Hotline: Linking Washington to Moscow Since 1963

A non-dial "Red Phone" which is on display in the Jimmy Carter Library and Museum. This telephone is actually a prop, erroneously representing the hotline between Washington and Moscow. (Photo by Piotrus via Wikimedia Commons)
A non-dial “Red Phone” which is on display in the Jimmy Carter Library and Museum. This telephone is actually a prop, erroneously representing the hotline between Washington and Moscow. (Photo by Piotrus via Wikimedia Commons)

On this date in 1963, the governments of the United States and the Soviet Union agreed to establish direct communication between Washington and Moscow.

Here are some things you may not have known about the hotline.

One inspiration for the hotline was the novel “Red Alert,” which dealt with a nuclear standoff between the two countries.

During the The Cuban Missile Crisis of 1962, messages between Washington and Moscow could take up to six hours to deliver via official channels. It was slightly quicker to use unofficial means, such as television news correspondents in each capital. The Soviets’ initial settlement message took 12 hours to receive and translate, leaving the Soviets with time to change their settlement offer. After the crisis, White House advisers suggested that faster communications could have eased the crisis sooner.

As a result, the two countries signed the Hot Line Agreement on June 20, 1963, the first measure by either country to reduce the risk of starting a nuclear war  unintentionally.

First, there’s a myth to bust. The hotline never involved a red telephone. As a matter of fact, the hotline has never used phone lines, or voice communication, for that matter. It also doesn’t connect to the White House.

The nation sending a message transmits in its native language. The message is translated by the receiving country. The system uses text only, as voice communication can be misinterpreted.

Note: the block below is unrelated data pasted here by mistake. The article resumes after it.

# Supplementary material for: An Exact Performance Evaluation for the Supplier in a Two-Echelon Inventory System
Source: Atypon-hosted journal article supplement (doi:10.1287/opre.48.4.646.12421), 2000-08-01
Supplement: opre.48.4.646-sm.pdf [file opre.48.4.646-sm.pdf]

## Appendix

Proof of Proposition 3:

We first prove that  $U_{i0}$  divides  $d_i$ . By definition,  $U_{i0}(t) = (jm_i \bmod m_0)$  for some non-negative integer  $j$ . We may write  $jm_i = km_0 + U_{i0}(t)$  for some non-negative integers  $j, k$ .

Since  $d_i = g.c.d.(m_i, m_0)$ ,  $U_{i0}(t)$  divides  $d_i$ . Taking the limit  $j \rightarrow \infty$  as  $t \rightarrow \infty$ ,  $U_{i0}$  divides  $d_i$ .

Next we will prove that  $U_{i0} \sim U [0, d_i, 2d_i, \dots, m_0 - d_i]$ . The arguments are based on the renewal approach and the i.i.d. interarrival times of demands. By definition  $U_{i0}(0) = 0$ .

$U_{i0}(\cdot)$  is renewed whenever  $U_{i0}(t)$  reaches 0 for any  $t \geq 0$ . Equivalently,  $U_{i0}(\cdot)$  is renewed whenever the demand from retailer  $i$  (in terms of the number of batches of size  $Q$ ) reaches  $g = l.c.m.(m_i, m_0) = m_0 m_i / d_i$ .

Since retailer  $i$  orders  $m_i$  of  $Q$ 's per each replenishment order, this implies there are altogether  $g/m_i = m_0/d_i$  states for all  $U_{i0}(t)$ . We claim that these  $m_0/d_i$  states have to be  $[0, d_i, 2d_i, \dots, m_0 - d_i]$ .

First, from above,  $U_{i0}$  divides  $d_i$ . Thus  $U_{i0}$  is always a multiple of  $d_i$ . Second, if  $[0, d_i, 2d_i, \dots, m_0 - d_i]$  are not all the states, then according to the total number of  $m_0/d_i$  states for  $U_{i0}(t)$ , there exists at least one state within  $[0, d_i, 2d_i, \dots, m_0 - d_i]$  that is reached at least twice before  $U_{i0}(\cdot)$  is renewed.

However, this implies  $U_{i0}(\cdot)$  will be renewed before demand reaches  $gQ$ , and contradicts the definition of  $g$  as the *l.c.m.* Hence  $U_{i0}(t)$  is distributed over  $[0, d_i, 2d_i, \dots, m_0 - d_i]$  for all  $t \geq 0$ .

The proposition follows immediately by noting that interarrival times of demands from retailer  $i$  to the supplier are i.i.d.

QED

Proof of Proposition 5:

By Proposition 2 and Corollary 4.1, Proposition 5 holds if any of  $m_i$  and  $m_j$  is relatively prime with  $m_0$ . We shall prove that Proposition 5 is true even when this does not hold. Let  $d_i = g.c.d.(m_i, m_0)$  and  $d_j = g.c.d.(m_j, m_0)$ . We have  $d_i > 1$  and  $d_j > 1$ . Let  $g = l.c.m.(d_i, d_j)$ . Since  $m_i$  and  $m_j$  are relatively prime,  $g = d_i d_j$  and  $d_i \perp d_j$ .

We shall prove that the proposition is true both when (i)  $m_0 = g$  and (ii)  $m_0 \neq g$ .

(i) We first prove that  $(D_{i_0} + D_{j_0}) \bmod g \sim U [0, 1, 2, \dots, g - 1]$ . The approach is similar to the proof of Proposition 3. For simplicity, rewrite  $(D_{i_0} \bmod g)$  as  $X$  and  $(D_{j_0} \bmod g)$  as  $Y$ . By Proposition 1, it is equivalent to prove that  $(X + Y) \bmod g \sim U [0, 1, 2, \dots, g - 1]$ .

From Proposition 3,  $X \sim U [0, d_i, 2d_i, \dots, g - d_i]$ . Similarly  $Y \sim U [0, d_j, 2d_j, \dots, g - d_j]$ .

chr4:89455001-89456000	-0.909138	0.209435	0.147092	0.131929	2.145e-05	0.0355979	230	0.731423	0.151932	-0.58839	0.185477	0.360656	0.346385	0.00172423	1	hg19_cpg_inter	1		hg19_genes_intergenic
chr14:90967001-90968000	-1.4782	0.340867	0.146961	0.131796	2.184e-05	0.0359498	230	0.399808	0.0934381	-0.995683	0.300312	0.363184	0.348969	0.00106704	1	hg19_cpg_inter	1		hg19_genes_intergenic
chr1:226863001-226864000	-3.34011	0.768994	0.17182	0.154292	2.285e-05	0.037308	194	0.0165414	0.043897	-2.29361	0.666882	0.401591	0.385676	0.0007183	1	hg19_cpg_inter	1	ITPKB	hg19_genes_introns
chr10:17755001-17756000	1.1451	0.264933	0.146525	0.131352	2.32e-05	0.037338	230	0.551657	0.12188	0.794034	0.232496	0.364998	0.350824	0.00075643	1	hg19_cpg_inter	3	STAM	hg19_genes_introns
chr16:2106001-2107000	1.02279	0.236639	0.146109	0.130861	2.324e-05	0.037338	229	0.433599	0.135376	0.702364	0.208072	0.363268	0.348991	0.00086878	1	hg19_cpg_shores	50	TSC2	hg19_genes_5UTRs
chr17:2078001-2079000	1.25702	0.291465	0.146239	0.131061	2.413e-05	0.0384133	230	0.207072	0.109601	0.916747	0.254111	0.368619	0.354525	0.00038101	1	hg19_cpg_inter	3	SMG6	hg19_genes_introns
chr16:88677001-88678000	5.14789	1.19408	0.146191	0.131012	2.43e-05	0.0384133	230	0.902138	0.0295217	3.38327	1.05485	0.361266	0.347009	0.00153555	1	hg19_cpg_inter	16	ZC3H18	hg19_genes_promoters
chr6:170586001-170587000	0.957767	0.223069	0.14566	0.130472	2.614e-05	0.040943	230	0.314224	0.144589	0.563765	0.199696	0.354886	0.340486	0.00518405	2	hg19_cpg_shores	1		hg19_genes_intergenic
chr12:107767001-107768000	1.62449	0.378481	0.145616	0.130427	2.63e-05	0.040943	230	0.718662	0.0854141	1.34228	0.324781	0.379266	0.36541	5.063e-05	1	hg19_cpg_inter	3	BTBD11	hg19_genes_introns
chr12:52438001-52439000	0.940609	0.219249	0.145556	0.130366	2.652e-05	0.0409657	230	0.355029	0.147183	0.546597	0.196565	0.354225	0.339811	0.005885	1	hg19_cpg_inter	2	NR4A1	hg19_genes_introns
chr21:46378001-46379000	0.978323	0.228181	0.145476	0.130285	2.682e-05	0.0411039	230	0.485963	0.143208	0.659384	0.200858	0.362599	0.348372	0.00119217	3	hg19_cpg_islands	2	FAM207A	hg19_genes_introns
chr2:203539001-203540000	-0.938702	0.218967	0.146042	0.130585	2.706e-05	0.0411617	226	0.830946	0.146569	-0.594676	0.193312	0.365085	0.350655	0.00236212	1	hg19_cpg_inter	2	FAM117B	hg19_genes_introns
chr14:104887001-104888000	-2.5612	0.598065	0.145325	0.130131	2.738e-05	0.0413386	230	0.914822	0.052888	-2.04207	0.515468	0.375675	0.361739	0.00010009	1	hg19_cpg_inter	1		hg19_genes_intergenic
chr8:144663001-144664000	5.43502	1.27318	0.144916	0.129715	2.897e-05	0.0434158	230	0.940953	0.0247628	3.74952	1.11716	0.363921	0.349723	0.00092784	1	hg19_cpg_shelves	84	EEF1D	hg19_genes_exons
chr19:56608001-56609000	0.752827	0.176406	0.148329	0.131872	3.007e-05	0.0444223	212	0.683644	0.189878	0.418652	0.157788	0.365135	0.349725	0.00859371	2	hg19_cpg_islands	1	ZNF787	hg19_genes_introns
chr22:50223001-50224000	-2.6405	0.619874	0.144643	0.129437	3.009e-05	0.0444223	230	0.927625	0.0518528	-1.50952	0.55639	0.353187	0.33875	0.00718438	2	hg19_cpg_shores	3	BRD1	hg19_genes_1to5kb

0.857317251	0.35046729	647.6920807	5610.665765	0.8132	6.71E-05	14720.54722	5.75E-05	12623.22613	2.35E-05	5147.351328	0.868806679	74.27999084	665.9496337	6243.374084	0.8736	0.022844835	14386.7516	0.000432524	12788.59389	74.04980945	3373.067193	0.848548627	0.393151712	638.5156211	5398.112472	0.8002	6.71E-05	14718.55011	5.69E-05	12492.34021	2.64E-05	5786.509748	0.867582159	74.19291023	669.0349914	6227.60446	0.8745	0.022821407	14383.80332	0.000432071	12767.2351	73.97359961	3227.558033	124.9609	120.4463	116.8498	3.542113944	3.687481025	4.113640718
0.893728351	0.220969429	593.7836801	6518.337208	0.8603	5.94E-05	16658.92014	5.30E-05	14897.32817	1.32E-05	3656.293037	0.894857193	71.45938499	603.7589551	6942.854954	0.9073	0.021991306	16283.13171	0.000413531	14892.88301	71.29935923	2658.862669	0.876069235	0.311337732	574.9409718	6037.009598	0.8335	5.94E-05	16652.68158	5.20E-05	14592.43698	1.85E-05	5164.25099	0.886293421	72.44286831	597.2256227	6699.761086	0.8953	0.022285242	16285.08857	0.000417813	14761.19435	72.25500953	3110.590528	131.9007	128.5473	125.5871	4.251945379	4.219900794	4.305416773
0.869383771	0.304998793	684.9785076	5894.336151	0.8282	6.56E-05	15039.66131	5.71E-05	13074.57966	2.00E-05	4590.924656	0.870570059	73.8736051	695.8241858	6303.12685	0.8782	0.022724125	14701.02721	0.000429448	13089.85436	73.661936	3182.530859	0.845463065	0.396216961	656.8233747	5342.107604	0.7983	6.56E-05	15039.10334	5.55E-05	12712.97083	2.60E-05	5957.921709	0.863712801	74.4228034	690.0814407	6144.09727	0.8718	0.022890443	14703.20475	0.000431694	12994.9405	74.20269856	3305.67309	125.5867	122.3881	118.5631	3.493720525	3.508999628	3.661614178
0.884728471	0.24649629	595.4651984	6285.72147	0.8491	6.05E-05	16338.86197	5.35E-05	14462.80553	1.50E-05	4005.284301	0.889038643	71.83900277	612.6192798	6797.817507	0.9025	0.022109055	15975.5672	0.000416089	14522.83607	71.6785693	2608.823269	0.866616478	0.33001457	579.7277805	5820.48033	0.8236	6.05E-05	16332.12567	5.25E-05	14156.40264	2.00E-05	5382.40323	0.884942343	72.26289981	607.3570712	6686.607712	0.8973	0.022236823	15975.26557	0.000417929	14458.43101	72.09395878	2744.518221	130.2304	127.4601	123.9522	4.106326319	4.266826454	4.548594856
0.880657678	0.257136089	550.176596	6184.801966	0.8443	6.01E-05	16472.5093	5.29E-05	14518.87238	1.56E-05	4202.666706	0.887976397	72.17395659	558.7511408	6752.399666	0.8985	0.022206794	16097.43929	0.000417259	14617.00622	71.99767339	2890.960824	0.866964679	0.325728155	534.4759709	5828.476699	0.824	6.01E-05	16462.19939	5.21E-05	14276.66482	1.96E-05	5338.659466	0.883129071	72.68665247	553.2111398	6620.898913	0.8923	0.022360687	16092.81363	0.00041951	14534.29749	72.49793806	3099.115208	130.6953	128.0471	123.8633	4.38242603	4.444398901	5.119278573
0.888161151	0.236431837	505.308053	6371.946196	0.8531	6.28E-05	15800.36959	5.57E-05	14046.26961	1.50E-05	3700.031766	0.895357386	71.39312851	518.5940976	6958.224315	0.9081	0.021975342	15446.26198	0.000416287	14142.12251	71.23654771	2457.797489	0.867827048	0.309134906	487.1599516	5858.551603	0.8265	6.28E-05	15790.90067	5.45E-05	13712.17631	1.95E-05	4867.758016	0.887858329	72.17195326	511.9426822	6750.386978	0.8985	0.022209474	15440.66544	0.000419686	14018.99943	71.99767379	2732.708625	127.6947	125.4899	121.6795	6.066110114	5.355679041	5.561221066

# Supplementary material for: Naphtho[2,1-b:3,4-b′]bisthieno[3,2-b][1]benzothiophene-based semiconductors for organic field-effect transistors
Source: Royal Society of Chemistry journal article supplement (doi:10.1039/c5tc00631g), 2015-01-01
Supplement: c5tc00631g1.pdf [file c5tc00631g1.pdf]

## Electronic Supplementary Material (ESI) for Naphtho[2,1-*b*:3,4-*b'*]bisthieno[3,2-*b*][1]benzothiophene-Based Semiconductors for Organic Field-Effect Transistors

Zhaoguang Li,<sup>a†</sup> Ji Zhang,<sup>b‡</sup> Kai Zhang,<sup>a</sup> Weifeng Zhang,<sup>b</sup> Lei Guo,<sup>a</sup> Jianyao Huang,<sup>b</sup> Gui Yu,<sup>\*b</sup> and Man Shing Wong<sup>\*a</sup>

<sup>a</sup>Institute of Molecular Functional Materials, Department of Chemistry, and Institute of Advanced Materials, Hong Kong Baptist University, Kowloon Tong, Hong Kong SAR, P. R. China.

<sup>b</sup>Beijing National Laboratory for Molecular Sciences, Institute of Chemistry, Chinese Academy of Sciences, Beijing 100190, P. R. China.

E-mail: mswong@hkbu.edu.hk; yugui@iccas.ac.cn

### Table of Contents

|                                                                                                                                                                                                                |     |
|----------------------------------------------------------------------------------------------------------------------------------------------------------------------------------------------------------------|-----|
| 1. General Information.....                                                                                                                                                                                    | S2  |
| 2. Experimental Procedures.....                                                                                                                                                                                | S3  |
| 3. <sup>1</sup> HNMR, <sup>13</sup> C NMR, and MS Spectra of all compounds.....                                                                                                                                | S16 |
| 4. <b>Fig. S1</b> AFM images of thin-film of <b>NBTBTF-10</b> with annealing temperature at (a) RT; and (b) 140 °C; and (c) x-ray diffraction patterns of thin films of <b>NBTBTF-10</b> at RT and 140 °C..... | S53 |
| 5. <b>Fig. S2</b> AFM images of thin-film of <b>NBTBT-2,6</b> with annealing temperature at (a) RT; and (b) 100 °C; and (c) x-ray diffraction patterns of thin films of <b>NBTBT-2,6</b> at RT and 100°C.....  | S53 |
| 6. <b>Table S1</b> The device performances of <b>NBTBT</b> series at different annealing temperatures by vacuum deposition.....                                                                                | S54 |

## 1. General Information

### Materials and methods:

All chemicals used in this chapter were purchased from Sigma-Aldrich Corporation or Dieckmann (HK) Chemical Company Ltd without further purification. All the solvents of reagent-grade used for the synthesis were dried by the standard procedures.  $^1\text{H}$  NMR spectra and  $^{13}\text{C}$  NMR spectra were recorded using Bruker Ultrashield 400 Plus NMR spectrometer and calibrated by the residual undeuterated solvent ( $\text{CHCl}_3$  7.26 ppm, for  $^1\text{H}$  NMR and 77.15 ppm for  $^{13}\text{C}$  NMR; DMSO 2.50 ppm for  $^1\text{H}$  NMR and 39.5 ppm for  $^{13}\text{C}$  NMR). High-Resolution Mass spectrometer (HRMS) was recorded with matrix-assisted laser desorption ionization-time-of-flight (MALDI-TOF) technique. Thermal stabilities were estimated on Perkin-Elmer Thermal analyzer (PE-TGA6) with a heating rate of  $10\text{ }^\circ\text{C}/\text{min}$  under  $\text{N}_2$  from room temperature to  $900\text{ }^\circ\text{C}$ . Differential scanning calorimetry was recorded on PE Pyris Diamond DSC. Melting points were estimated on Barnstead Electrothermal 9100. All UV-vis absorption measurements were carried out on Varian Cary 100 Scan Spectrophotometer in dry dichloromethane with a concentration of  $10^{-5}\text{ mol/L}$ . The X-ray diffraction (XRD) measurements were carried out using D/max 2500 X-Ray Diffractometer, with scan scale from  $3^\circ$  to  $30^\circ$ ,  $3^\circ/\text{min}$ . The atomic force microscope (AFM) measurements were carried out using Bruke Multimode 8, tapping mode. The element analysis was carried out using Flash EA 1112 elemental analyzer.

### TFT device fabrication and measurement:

The hotline, which is still used today, links the Pentagon in Arlington, Virginia, to the Kremlin in Moscow. Originally, the system used encrypted teletype machines, linked via London, Copenhagen, Stockholm and Helsinki. There was also a radio line for back up which ran via Tangier, Morocco.

In 1971, the system was updated to link the system via satellite, making the radio link redundant. In 1986, the system was updated to use high-speed fax machines instead of teletype. That system remained in place until 2008, when an email-based service began.

The first message transmitted over the hotline was “The quick brown fox jumped over the lazy dog’s back 1234567890” The message included the entire Latin alphabet, all Arabic numerals and an apostrophe as a test to make sure the keyboard and printer were correctly working. The Soviets sent back a description of the sun setting over Moscow.

The first official use of the hotline was when the U.S. notified the Soviets of the assassination of President John F. Kennedy on November 22, 1963. The Russians sent their first official message in 1967 during the beginning of the Six-Days War.

The line is tested every hour, with the U.S. sending test messages in even numbered hours, and the Soviets/Russians sending in odd-numbered hours.

The line has been cut several times. It was broken when a Danish bulldozer operator accidentally cut the line. Another time the line was cut by a Finnish farmer who plowed up the line.

Our question: What movie was adapted from the novel “Red Alert”?

Today is the summer solstice in the northern hemisphere and the winter solstice in the southern hemisphere. It’s also World Refugee Day.

It’s unofficially National Ice Cream Soda Day, National Vanilla Milkshake Day and International Surfing Day.

It’s the birthday of musician Brian Wilson, who is 74 today; musician Lionel Richie, who is 67; and actress Nicole Kidman, who turns 49.

This week in 1963, the top song in the U.S. was “Sukiyaki” by Kyu Sakamoto. The only song in Japanese to top the U.S. charts. It has nothing to do with the food sukiyaki, the title was chosen by the American record label because it was easy for Americans to pronounce. Newsweek magazine said it would be similar to the song “Moon River” being released in Japan under the name “Beef Stew.”

The No. 1 movie was “Donovan’s Reef,” while the novel “The Glass Blowers” by Daphne du Maurier topped the New York Times Bestsellers list.


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